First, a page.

This patient was found to have asymptomatic bilateral cotton-wool spots (CWS) after an admission for ulcerative colitis. As the attached images demonstrate, the cotton-wool spots were fading one month later, and the fluorescein angiogram did not show leakage or severe occlusive disease.
There are many diagnostic considerations. Both diabetes and hypertension can present with cotton-wool spots. However, if there were many CWS in a patient with diabetes or hypertension, there would typically also be hemorrhages and/or microaneurysms, which were not present here. Some causes of CWS, including altitude retinopathy and radiation retinopathy, can be ruled out by history. The absence of hemorrhages and other distinctive clinical features argues strongly against venous occlusive disease or carotid occlusive disease. Conditions that result in hyperviscosity or hypercoagulability are unlikely in the absence of hemorrhages but should be considered. Similarly, leukemia can present with cotton-wool spots, but having white-centered hemorrhages is more typical. Infectious etiologies should be considered, particular HIV. Immune and collagen vascular diseases can also feature CWS, particularly systemic lupus erythematosus. Another important consideration is Purtscher retinopathy (typically caused by long-bone fractures or blunt chest trauma), or Purtscher-like retinopathy, which most commonly occurs in the setting of pancreatitis.
On examination, the blood pressure was normal. Our laboratory testing revealed a normal white count, but there was anemia with a hemoglobin of 8.8 and a hematocrit of 28.0. Platelets were elevated at 545. The sed rate was also elevated at 38 and the C-reactive protein was 3.01 (normal less than or equal to 0.30). The PT and PTT were normal. The chem 7 was unremarkable with a normal glucose. Testing for HIV was negative. The ANA and antiphospholipid antibodies were also negative. The angiotensin converting enzyme was normal at 53. The amylase was elevated during her recent hospitalization at 345 (normal less than 160) but was 53 when we saw her one month later.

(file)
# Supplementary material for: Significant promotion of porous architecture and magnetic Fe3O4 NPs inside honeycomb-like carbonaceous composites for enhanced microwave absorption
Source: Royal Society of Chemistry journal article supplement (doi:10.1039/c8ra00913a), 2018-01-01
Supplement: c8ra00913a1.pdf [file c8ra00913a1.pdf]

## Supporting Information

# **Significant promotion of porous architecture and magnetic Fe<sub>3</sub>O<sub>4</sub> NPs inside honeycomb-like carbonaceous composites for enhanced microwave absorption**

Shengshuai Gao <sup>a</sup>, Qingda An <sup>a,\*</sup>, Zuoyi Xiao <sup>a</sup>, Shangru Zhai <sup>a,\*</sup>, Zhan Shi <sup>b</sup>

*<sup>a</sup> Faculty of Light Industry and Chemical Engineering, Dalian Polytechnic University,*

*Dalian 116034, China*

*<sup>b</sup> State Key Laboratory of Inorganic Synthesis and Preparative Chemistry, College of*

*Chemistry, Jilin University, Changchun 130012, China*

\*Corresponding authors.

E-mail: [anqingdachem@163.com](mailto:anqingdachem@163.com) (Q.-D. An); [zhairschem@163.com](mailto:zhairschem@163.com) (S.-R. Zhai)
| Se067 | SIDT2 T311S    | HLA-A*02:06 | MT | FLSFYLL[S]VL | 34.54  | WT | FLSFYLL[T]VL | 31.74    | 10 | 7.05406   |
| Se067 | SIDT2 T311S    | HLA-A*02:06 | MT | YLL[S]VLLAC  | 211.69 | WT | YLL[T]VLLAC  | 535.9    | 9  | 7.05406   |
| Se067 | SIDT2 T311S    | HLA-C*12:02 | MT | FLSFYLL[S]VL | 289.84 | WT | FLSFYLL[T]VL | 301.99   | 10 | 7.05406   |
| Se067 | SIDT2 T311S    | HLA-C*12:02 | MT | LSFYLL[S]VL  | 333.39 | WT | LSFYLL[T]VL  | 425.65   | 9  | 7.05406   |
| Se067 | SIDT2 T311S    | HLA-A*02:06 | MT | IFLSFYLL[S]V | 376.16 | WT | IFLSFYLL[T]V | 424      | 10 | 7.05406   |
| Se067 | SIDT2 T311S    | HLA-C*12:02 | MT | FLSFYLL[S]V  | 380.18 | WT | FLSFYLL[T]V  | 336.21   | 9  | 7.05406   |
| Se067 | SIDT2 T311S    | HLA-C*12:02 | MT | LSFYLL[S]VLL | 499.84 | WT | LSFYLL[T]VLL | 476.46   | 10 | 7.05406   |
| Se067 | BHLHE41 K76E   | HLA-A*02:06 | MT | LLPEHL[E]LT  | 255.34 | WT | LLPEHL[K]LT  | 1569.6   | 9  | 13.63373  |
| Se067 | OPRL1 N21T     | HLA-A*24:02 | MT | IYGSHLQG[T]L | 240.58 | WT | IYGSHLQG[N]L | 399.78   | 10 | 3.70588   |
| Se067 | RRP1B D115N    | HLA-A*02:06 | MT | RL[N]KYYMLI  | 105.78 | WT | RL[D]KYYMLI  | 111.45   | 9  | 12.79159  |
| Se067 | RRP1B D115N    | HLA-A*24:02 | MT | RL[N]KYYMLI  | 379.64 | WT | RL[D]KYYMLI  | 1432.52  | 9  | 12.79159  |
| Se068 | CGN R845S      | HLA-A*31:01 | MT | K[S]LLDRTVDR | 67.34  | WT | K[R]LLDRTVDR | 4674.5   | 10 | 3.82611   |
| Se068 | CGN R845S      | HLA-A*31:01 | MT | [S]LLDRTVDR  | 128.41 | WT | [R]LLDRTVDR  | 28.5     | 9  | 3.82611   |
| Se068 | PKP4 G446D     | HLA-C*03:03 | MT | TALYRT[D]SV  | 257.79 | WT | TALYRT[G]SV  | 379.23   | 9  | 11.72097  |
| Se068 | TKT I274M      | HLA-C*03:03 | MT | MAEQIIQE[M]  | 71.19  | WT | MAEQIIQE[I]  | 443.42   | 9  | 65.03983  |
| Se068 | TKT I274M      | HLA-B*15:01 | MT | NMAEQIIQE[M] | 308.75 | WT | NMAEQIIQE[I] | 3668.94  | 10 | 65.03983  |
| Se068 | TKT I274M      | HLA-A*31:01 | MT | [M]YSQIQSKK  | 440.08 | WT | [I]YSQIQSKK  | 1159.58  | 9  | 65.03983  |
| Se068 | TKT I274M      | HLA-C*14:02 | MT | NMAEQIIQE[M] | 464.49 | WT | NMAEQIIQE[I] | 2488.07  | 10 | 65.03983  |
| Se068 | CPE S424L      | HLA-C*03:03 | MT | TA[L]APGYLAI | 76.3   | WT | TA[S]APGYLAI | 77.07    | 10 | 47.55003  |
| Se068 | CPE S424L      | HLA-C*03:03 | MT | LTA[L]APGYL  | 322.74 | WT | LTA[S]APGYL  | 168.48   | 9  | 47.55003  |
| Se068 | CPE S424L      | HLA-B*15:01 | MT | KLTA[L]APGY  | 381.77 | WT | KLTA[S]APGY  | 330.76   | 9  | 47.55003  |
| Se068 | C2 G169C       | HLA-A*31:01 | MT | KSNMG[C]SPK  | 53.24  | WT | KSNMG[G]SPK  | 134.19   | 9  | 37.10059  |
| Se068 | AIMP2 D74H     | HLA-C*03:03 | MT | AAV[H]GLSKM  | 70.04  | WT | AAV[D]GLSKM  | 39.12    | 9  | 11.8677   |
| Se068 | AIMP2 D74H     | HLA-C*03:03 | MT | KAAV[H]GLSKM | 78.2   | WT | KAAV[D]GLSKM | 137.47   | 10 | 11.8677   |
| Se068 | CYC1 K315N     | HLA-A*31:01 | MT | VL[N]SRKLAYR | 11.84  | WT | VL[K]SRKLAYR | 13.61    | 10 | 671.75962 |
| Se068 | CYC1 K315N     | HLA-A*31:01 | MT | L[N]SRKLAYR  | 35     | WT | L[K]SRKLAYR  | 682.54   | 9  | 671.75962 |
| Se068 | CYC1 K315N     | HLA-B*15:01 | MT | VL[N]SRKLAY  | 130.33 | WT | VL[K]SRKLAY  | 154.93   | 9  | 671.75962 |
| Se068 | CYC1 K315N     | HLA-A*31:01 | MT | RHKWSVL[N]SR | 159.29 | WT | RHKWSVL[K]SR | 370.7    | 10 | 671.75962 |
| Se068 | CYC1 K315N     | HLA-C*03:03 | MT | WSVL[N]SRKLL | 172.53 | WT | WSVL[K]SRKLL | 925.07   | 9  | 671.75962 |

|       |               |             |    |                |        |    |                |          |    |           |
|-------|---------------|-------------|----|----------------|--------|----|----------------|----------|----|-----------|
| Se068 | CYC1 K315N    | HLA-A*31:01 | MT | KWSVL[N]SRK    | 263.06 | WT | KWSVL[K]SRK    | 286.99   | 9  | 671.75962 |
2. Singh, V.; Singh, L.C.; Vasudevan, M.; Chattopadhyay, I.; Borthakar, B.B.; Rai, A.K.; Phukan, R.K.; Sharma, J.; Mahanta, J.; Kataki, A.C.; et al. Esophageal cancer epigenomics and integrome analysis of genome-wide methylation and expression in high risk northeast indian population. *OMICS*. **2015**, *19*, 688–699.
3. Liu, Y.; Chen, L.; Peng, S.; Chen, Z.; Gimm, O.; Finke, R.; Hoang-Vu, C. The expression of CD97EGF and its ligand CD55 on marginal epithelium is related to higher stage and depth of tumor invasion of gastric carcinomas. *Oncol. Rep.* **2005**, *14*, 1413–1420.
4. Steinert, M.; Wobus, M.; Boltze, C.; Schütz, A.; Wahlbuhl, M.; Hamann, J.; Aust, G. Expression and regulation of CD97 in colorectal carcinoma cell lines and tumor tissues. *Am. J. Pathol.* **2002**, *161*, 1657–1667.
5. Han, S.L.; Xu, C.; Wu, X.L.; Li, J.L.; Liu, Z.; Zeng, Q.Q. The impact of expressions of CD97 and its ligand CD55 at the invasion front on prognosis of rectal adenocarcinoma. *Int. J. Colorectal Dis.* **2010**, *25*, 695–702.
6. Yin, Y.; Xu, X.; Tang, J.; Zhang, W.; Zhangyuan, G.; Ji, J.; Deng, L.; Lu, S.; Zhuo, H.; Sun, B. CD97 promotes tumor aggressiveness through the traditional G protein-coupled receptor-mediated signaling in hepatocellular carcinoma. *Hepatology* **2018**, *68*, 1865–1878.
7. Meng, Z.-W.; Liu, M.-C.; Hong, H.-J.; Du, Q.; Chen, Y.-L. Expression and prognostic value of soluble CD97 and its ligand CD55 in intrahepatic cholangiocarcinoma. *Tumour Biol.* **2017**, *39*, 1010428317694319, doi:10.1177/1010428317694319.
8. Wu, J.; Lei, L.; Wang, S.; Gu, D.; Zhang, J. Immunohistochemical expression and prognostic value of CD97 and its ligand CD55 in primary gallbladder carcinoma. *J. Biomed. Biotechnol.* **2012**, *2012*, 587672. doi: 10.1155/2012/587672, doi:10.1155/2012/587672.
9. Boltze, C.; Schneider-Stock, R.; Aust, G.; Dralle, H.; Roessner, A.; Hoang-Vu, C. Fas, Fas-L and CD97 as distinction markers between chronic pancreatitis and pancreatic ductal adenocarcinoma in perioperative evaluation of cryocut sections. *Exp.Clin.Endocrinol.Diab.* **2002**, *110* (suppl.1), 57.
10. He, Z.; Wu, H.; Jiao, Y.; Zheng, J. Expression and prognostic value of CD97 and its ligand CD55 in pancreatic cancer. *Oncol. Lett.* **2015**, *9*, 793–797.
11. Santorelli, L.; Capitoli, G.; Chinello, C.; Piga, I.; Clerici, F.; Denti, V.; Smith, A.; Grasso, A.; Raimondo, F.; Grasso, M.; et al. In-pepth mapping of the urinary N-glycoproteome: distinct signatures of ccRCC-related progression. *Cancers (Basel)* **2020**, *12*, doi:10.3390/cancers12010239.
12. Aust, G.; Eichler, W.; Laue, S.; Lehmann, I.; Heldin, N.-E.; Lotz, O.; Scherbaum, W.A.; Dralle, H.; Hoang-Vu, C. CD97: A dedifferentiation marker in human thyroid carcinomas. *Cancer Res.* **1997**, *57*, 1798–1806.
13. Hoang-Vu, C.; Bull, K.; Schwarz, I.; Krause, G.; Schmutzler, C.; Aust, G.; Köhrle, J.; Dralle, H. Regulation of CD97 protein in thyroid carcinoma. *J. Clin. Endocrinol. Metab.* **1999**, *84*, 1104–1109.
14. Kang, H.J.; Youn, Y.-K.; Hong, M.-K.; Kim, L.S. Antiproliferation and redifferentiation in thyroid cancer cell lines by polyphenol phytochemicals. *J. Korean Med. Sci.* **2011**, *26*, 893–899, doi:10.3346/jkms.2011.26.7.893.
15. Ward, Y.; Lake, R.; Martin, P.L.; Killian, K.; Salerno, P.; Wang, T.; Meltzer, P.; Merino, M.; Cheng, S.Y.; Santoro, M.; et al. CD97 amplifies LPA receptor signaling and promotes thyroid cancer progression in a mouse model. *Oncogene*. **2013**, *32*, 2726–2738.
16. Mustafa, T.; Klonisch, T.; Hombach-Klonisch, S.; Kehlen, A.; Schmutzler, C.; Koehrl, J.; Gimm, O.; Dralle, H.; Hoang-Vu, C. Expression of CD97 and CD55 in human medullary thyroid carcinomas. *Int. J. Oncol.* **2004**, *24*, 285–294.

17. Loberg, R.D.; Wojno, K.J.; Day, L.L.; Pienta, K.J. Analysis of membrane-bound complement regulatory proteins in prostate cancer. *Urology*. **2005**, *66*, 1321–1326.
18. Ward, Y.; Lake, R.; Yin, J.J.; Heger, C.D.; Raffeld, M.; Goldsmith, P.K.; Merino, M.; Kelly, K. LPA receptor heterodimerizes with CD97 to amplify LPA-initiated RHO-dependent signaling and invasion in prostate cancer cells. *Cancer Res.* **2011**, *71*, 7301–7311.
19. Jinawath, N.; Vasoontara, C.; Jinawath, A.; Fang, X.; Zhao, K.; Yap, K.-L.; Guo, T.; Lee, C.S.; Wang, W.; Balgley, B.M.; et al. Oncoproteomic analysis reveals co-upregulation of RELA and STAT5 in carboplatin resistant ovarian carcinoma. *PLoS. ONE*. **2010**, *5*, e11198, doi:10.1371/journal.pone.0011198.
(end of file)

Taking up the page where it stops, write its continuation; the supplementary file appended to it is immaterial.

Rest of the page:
Elevation of platelets, sed rate, and CRP are non-specific markers of inflammation. The elevated amylase indicates pancreatitis. This patient most likely had Purtscher-like retinopathy due to pancreatitis. Autoimmune pancreatitis can be associated with inflammatory bow disease.(1) Our patient’s clinical improvement one month after hospitalization in conjunction with normalization of the amylase level portends a good prognosis, and she is being following.
1. Ramos LR, Sachar DB, DiMaio CJ, et al. Inflammatory bowel disease and pancreatitis: A review. Journal of Crohn’s and Colitis 2016; 10: 95-104.